As increasing levels of renewable energy enter the U.S. electrical system in decades to come, conventional baseload power suppliers will have to become more flexible, with plants ramping up and down to compensate for the inherent gaps in wind and solar power production. Power “cycling,” however, comes with its own set of complications. Plants that run only part of the time have more difficulty recovering costs than those that can perpetually send out power. Likewise, frequent cycling can lead to greater wear and tear on generation equipment, not unlike the effects of inner-city driving on a car’s engine. And like a car, just turning on a power plant comes with its own energy cost.
Sen. Max Baucus’ ascension to a plum ambassadorship is weeks if not months away, but the reality of an oil and gas stalwart controlling a Democratic Energy and Natural Resources Committee began to sink in yesterday for both sides in the capital’s environmental culture wars. Although Baucus’ likely departure from the Finance Committee chairmanship he first claimed in 2001 hinges on multiple political variables, the current Energy chief in the upper chamber — Sen. Ron Wyden (D-Ore.) — is poised to replace the Montana Democrat and hand over the ENR panel’s gavel to Sen. Mary Landrieu (D-La.) in the spring. That leaves a champion of the Keystone XL pipeline and drilling expansion, whose re-election battle next November further heightens the value of industry support, in charge of a committee with outsize importance to the U.S. fuel mix.
In 2011, then-Energy Secretary Steven Chu brought in an ambitious Wisconsin state utility commissioner to advance the Obama administration effort to site and build critical power lines and transmission technologies. Lauren Azar was seen as the person who could help Chu’s Department of Energy navigate a maze of local opposition, permitting delays and lengthy reviews to get transmission projects going. But it’s unclear whether Azar’s two-year run that ended in September will bring about clear game-changing transmission breakthroughs.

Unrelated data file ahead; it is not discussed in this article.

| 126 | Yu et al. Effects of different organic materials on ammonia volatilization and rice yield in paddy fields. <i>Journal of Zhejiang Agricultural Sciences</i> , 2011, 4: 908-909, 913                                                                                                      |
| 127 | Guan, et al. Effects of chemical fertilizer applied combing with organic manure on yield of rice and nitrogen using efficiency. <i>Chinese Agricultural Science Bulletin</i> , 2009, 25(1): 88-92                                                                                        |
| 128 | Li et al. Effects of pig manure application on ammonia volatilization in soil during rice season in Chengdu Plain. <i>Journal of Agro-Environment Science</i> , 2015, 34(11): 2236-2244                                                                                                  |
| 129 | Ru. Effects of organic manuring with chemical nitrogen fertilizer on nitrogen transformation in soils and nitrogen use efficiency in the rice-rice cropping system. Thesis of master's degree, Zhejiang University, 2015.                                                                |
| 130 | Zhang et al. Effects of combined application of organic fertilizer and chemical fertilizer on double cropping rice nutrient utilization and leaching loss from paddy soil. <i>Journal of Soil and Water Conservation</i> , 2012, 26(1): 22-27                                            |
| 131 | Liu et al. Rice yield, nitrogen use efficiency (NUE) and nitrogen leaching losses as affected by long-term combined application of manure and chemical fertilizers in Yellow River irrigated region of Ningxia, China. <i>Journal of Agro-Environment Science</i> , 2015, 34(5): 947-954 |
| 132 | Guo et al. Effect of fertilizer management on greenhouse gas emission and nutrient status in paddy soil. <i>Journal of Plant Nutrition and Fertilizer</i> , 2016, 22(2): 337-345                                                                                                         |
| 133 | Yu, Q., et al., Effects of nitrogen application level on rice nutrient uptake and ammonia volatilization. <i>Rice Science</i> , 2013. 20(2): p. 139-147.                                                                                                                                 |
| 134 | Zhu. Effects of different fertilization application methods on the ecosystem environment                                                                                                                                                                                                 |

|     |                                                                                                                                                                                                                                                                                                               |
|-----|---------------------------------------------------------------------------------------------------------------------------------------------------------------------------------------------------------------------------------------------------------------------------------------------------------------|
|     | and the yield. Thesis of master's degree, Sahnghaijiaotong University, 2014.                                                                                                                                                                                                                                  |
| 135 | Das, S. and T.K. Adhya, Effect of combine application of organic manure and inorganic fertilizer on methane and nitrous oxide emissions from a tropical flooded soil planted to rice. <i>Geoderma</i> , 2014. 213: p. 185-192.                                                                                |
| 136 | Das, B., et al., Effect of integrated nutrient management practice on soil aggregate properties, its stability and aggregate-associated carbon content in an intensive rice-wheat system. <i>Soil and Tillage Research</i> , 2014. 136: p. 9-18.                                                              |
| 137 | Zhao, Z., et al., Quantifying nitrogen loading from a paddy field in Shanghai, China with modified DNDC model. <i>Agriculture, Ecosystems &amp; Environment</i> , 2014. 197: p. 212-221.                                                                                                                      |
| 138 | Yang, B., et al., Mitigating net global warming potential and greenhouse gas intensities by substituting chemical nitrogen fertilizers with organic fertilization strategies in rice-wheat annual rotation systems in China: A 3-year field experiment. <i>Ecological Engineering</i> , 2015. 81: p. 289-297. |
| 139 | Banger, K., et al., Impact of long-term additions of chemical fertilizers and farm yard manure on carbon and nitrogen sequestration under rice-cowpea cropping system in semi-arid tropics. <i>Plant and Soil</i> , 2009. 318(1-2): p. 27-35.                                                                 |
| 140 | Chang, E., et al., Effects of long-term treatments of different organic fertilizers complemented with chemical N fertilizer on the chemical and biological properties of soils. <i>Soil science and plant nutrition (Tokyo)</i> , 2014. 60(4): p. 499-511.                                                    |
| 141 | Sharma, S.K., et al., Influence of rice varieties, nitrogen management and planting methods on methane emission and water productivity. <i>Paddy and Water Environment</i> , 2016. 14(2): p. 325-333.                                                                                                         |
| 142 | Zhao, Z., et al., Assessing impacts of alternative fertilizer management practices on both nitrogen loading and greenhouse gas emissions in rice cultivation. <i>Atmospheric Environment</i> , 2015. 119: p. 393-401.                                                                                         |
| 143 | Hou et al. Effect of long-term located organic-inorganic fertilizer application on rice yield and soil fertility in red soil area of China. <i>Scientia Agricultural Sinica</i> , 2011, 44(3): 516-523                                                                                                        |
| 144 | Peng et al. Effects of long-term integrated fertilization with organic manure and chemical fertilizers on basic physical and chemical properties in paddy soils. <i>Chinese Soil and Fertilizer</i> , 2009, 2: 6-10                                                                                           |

The Federal Energy Regulatory Commission marked yet another milestone in implementing one of its largest and most controversial rules, Order 1000, but questions remain about just how long it will take to make the rule a reality.Grid operators and utilities in October submitted plans to comply with the landmark rule, aimed at revamping the way new power lines are planned and paid for while considering policies like renewable portfolio standards. FERC has now taken action on the first round of compliance filings, including 15 submitted plans from utilities and grid operations across the country. The agency’s focus in coming months will now turn to more granular interregional filings.
“The challenge is — as with every big project like this — there’s multiple parallel processes going on,” said Jesse Gronner, the Oregon-based company’s vice president for business development for the western United States. “So we’re left with being in a position of doing things slightly out of order.” That’s just one consequence of new rules this year to determine eligibility for the production tax credit (PTC), the federal incentive that’s key to determining whether a wind farm can sell electricity at an attractive price. As long as developers begin working on projects by Dec. 31, they’ll have at least two years to remain eligible for the lucrative subsidy.